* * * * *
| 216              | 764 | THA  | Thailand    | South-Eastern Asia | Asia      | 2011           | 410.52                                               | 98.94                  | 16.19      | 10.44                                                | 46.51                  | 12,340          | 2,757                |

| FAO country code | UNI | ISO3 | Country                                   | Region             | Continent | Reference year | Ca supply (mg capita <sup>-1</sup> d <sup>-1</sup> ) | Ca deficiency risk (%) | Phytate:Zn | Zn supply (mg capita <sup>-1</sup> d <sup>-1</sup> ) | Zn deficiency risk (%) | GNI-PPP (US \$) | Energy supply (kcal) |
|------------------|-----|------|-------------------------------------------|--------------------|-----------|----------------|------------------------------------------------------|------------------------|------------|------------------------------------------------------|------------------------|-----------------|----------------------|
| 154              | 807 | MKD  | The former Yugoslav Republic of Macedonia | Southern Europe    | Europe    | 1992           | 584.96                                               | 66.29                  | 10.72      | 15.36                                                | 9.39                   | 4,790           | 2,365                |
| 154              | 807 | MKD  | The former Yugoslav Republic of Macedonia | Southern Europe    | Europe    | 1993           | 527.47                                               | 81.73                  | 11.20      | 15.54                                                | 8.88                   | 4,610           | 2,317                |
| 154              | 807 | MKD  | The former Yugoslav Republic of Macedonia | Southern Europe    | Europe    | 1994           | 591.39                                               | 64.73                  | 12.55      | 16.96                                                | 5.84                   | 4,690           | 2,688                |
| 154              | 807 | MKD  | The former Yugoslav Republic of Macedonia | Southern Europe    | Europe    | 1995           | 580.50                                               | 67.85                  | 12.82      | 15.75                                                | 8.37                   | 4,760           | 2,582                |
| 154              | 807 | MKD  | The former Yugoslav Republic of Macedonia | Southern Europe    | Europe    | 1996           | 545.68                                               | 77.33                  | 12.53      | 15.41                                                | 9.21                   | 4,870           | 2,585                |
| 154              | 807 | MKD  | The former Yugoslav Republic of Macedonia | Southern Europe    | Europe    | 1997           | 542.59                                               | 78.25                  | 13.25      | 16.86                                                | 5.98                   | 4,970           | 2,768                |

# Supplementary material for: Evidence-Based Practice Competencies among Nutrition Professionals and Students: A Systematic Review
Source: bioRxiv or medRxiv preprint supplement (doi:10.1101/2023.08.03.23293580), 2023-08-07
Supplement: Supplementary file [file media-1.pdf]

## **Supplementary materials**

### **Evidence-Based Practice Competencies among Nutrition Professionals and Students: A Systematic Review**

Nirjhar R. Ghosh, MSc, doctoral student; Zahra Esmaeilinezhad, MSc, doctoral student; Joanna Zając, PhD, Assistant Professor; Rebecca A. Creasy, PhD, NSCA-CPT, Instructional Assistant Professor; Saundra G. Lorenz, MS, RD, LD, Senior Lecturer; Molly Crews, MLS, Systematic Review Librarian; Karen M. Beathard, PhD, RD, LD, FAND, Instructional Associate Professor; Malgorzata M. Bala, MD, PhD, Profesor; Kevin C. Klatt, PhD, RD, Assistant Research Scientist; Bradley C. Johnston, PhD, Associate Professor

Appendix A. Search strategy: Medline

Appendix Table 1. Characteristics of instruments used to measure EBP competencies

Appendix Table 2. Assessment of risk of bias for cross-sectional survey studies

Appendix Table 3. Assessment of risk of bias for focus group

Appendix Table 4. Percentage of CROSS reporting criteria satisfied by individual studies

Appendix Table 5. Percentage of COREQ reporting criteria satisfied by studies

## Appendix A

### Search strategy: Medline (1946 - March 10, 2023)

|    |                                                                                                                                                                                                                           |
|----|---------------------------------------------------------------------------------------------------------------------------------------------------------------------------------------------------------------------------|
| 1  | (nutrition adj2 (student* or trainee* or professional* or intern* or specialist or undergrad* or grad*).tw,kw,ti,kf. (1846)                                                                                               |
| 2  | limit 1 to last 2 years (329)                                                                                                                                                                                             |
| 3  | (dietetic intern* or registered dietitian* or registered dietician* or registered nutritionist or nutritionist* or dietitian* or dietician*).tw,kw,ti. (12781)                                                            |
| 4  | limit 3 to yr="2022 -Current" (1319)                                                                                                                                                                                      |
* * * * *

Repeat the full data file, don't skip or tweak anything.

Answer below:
| 216              | 764 | THA  | Thailand    | South-Eastern Asia | Asia      | 2011           | 410.52                                               | 98.94                  | 16.19      | 10.44                                                | 46.51                  | 12,340          | 2,757                |

| FAO country code | UNI | ISO3 | Country                                   | Region             | Continent | Reference year | Ca supply (mg capita <sup>-1</sup> d <sup>-1</sup> ) | Ca deficiency risk (%) | Phytate:Zn | Zn supply (mg capita <sup>-1</sup> d <sup>-1</sup> ) | Zn deficiency risk (%) | GNI-PPP (US \$) | Energy supply (kcal) |
|------------------|-----|------|-------------------------------------------|--------------------|-----------|----------------|------------------------------------------------------|------------------------|------------|------------------------------------------------------|------------------------|-----------------|----------------------|
| 154              | 807 | MKD  | The former Yugoslav Republic of Macedonia | Southern Europe    | Europe    | 1992           | 584.96                                               | 66.29                  | 10.72      | 15.36                                                | 9.39                   | 4,790           | 2,365                |
| 154              | 807 | MKD  | The former Yugoslav Republic of Macedonia | Southern Europe    | Europe    | 1993           | 527.47                                               | 81.73                  | 11.20      | 15.54                                                | 8.88                   | 4,610           | 2,317                |
| 154              | 807 | MKD  | The former Yugoslav Republic of Macedonia | Southern Europe    | Europe    | 1994           | 591.39                                               | 64.73                  | 12.55      | 16.96                                                | 5.84                   | 4,690           | 2,688                |
| 154              | 807 | MKD  | The former Yugoslav Republic of Macedonia | Southern Europe    | Europe    | 1995           | 580.50                                               | 67.85                  | 12.82      | 15.75                                                | 8.37                   | 4,760           | 2,582                |
| 154              | 807 | MKD  | The former Yugoslav Republic of Macedonia | Southern Europe    | Europe    | 1996           | 545.68                                               | 77.33                  | 12.53      | 15.41                                                | 9.21                   | 4,870           | 2,585                |
| 154              | 807 | MKD  | The former Yugoslav Republic of Macedonia | Southern Europe    | Europe    | 1997           | 542.59                                               | 78.25                  | 13.25      | 16.86                                                | 5.98                   | 4,970           | 2,768                |

# Supplementary material for: Evidence-Based Practice Competencies among Nutrition Professionals and Students: A Systematic Review
Source: bioRxiv or medRxiv preprint supplement (doi:10.1101/2023.08.03.23293580), 2023-08-07
Supplement: Supplementary file [file media-1.pdf]

## **Supplementary materials**

### **Evidence-Based Practice Competencies among Nutrition Professionals and Students: A Systematic Review**

Nirjhar R. Ghosh, MSc, doctoral student; Zahra Esmaeilinezhad, MSc, doctoral student; Joanna Zając, PhD, Assistant Professor; Rebecca A. Creasy, PhD, NSCA-CPT, Instructional Assistant Professor; Saundra G. Lorenz, MS, RD, LD, Senior Lecturer; Molly Crews, MLS, Systematic Review Librarian; Karen M. Beathard, PhD, RD, LD, FAND, Instructional Associate Professor; Malgorzata M. Bala, MD, PhD, Profesor; Kevin C. Klatt, PhD, RD, Assistant Research Scientist; Bradley C. Johnston, PhD, Associate Professor

Appendix A. Search strategy: Medline

Appendix Table 1. Characteristics of instruments used to measure EBP competencies

Appendix Table 2. Assessment of risk of bias for cross-sectional survey studies

Appendix Table 3. Assessment of risk of bias for focus group

Appendix Table 4. Percentage of CROSS reporting criteria satisfied by individual studies

Appendix Table 5. Percentage of COREQ reporting criteria satisfied by studies

## Appendix A

### Search strategy: Medline (1946 - March 10, 2023)

|    |                                                                                                                                                                                                                           |
|----|---------------------------------------------------------------------------------------------------------------------------------------------------------------------------------------------------------------------------|
| 1  | (nutrition adj2 (student* or trainee* or professional* or intern* or specialist or undergrad* or grad*).tw,kw,ti,kf. (1846)                                                                                               |
| 2  | limit 1 to last 2 years (329)                                                                                                                                                                                             |
| 3  | (dietetic intern* or registered dietitian* or registered dietician* or registered nutritionist or nutritionist* or dietitian* or dietician*).tw,kw,ti. (12781)                                                            |
| 4  | limit 3 to yr="2022 -Current" (1319)                                                                                                                                                                                      |